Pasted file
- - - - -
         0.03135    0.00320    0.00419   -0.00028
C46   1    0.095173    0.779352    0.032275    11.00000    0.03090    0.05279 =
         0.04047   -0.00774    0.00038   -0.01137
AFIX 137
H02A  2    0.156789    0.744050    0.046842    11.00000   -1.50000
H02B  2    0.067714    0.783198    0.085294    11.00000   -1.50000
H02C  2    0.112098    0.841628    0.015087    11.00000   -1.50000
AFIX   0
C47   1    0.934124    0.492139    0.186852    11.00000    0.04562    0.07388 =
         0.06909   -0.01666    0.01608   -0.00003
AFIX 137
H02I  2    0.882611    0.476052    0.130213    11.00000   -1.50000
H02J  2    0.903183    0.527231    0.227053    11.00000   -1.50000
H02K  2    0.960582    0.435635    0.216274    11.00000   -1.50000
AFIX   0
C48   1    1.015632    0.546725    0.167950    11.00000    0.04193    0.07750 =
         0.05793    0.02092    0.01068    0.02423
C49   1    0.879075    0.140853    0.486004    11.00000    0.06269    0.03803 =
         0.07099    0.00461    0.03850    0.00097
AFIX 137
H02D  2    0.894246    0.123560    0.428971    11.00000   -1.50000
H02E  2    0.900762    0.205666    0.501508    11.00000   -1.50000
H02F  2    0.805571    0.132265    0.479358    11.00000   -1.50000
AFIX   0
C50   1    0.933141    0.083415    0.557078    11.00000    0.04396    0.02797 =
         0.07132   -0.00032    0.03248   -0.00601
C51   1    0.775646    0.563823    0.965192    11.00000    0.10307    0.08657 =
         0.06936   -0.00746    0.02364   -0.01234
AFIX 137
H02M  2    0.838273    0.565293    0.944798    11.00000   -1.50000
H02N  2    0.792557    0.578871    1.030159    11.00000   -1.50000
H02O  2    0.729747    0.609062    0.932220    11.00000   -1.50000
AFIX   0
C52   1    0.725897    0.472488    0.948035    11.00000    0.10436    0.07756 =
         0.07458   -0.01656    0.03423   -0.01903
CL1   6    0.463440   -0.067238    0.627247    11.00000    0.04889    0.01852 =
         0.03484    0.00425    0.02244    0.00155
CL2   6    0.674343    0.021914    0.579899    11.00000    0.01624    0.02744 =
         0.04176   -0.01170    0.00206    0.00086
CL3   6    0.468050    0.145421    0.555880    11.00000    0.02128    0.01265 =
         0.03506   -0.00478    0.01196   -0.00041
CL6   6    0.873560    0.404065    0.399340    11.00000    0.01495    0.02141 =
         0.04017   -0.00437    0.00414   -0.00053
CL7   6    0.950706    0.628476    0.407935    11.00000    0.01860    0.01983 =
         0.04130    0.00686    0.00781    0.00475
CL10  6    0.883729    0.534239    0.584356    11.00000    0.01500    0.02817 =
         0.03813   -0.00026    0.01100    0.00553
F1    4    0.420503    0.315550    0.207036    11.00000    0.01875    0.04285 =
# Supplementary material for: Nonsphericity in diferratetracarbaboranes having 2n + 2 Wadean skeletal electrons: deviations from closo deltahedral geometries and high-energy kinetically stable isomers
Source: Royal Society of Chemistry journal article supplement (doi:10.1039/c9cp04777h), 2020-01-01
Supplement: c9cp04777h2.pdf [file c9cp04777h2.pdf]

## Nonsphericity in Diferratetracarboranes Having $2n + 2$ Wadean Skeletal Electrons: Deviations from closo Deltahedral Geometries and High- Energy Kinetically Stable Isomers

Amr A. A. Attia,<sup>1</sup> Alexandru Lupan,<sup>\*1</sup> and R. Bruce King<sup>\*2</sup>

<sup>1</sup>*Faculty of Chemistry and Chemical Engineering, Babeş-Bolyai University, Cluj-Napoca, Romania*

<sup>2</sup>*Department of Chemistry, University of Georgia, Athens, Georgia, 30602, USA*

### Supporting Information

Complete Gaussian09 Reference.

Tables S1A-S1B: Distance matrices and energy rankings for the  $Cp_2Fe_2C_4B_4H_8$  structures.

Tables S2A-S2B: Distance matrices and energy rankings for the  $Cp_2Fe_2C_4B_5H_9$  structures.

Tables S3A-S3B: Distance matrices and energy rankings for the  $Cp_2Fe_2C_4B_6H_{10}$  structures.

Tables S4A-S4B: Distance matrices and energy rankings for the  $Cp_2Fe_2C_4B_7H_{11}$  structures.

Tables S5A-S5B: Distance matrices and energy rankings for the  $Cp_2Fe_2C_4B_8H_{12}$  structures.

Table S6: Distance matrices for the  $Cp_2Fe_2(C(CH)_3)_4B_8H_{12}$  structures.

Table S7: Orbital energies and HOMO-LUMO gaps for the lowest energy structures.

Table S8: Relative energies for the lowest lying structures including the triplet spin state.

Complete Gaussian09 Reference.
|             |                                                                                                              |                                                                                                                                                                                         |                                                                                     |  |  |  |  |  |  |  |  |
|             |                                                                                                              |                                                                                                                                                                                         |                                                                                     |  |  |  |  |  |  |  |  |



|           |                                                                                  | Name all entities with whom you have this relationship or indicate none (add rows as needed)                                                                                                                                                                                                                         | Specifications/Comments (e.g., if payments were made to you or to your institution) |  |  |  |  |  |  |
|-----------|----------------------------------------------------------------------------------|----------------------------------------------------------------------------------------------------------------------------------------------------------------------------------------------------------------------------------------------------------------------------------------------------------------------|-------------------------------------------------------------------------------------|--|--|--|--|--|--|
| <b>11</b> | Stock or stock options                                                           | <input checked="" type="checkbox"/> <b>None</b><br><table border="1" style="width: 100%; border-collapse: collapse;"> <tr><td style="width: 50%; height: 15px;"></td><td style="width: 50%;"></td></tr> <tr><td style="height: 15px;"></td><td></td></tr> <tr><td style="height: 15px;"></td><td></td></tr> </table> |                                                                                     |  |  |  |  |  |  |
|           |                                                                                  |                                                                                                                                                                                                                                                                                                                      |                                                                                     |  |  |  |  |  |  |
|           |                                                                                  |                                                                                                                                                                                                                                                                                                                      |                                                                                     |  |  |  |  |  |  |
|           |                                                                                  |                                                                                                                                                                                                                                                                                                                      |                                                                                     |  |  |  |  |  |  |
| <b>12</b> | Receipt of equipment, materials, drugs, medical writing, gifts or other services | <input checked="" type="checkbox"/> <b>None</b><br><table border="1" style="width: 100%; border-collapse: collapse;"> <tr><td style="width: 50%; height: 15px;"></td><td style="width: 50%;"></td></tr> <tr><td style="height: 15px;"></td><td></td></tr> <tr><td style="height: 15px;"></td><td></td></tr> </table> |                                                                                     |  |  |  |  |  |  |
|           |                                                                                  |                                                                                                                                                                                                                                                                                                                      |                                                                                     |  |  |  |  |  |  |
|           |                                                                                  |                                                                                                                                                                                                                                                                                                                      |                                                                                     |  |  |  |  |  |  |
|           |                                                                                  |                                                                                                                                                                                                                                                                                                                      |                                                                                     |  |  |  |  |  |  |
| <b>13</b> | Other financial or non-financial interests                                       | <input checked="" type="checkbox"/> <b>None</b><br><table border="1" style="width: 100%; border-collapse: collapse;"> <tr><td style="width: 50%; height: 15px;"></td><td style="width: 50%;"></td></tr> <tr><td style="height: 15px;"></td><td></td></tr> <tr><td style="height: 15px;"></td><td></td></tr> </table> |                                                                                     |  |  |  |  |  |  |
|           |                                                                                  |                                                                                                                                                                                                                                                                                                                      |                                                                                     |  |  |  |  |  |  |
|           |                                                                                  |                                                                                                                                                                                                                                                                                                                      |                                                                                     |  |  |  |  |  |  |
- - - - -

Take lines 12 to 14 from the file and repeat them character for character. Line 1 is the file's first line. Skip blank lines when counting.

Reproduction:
H02I  2    0.882611    0.476052    0.130213    11.00000   -1.50000
H02J  2    0.903183    0.527231    0.227053    11.00000   -1.50000
H02K  2    0.960582    0.435635    0.216274    11.00000   -1.50000